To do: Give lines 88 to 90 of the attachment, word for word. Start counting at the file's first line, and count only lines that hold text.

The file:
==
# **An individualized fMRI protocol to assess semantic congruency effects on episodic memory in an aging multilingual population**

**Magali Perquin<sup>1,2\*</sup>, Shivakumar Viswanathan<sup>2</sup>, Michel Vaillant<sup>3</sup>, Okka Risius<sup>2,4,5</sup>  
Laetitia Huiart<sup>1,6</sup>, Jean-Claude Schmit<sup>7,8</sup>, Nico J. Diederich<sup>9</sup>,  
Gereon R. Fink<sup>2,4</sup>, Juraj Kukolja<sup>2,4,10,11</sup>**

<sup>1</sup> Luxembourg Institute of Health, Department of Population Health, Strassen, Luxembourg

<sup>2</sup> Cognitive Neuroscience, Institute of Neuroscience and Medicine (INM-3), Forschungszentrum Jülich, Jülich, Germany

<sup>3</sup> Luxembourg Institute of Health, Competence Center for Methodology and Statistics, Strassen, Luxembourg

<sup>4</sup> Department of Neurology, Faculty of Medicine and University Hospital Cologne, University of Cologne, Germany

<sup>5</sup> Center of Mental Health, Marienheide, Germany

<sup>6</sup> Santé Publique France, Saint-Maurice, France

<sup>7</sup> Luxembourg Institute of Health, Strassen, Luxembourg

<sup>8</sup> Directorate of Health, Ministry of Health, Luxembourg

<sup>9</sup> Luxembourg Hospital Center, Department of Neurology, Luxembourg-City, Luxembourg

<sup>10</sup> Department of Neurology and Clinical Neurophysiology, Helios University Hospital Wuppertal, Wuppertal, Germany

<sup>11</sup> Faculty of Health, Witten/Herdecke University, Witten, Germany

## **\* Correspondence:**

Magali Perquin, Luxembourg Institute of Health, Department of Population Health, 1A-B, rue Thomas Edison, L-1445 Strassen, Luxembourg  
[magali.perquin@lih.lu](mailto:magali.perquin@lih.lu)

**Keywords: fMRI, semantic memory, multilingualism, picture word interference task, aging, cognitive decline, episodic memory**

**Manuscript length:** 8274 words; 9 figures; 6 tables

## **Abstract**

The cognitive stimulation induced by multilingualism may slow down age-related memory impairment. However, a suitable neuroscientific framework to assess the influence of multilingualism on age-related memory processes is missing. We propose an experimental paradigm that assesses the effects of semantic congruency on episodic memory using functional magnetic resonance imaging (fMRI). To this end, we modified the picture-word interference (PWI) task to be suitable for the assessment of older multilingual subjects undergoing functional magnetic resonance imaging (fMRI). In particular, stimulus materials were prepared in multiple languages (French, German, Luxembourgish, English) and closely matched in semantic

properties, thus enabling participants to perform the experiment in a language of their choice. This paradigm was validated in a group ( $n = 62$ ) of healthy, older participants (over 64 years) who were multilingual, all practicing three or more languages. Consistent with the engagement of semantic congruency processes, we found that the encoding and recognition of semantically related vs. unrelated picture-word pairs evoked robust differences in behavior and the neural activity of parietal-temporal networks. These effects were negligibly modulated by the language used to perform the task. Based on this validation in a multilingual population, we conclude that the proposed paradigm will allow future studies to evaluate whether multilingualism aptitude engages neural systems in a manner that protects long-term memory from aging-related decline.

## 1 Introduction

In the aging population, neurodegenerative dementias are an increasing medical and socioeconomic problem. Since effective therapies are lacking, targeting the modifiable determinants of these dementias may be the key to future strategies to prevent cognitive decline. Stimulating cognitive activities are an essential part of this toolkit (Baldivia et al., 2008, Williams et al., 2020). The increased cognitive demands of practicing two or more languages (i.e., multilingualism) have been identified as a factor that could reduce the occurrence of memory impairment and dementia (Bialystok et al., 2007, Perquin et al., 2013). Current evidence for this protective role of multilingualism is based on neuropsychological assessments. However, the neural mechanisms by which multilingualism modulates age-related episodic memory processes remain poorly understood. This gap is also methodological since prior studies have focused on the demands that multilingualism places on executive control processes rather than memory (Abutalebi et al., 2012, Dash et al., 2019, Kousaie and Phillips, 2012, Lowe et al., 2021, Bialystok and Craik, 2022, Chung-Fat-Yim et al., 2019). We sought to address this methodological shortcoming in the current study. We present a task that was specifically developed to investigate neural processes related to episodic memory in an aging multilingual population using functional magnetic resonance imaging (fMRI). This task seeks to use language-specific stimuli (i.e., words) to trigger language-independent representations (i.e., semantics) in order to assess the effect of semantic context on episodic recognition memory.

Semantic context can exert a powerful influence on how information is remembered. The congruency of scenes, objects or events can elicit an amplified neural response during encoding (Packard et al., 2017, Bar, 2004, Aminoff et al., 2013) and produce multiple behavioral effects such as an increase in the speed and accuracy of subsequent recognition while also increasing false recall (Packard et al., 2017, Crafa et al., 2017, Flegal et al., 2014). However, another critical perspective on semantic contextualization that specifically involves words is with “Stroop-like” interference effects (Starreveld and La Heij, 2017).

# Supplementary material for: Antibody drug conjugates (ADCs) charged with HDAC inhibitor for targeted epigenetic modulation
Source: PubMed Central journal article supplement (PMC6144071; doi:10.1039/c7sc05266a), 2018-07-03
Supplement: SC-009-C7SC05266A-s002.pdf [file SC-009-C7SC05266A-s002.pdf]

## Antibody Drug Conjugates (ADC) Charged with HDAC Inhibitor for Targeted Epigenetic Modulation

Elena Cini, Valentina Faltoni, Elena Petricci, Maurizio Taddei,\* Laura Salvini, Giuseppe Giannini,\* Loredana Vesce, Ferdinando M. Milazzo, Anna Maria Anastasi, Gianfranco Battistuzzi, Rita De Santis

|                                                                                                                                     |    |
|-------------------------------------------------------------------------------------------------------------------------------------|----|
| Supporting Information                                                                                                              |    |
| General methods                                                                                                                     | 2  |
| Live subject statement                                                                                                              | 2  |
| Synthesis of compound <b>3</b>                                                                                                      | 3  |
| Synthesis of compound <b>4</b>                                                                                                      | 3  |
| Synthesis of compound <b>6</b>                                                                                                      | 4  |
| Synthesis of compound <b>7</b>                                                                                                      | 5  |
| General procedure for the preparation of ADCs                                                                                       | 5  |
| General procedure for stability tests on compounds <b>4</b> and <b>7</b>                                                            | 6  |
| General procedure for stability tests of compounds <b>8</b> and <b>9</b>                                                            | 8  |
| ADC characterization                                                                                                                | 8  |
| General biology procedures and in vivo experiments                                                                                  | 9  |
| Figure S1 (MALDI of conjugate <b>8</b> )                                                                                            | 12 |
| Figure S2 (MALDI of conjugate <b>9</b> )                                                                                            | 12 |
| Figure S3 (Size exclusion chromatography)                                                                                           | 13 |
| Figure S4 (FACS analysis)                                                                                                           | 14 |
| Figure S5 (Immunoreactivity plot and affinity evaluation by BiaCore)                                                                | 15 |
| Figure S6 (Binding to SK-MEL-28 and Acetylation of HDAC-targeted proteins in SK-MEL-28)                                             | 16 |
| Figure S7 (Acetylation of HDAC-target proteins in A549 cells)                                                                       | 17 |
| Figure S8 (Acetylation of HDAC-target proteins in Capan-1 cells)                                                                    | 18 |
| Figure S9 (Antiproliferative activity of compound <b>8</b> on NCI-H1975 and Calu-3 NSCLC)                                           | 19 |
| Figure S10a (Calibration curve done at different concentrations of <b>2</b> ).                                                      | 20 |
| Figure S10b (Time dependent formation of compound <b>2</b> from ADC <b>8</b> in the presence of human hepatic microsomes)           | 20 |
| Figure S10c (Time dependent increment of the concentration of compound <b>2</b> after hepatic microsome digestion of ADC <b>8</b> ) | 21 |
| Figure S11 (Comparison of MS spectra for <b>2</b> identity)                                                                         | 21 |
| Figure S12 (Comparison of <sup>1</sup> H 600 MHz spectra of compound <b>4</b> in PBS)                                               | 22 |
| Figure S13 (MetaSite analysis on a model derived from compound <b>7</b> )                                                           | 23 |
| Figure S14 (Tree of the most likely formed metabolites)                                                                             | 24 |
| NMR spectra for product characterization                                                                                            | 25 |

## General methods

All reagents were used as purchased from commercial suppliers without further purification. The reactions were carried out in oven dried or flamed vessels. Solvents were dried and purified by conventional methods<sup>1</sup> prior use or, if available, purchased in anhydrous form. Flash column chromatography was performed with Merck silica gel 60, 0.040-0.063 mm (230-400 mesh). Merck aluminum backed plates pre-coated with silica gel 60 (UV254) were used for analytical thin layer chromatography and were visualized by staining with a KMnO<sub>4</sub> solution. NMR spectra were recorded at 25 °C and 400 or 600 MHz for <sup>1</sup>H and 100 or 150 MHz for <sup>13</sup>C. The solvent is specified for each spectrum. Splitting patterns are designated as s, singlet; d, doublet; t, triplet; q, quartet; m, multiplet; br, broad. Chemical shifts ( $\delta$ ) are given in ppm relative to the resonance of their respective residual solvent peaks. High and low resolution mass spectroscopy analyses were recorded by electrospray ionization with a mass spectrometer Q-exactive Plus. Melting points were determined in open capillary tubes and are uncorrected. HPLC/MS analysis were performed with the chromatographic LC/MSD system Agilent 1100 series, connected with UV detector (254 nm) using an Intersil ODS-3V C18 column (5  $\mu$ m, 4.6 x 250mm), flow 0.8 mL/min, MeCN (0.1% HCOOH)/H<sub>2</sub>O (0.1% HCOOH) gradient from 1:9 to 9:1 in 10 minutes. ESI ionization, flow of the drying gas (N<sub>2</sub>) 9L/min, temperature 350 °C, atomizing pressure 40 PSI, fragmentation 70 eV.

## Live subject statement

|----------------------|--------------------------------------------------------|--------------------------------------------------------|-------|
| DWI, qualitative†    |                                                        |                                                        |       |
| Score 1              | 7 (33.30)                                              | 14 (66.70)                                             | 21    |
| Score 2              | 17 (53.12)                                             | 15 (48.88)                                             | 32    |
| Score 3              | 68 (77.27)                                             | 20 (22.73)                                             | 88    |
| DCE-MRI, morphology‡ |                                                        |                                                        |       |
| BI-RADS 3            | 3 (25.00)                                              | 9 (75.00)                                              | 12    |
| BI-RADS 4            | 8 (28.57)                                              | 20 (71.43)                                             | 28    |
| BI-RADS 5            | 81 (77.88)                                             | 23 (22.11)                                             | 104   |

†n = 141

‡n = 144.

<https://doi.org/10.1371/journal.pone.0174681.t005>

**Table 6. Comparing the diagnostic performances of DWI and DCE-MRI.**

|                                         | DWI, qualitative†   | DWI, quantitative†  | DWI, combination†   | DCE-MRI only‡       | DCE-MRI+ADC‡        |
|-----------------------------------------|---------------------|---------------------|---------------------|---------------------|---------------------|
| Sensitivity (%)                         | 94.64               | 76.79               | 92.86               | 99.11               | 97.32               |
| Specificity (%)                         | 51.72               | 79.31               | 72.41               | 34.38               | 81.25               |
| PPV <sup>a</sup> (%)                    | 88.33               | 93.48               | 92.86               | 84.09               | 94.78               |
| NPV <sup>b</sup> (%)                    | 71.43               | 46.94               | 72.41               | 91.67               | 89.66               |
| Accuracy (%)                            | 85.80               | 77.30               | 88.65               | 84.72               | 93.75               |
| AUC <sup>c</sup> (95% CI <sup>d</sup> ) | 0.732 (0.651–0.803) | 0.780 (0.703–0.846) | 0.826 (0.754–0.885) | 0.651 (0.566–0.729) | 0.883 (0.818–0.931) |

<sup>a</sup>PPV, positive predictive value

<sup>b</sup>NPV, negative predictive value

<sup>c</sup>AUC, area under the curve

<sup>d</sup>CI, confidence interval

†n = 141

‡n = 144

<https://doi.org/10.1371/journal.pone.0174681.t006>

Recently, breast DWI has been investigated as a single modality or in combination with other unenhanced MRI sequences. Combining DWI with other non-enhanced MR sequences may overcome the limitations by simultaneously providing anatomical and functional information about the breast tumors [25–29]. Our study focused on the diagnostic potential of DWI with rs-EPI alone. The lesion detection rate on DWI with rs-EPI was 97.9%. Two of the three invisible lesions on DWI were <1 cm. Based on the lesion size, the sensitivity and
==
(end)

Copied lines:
<sup>b</sup>NPV, negative predictive value

<sup>c</sup>AUC, area under the curve

<sup>d</sup>CI, confidence interval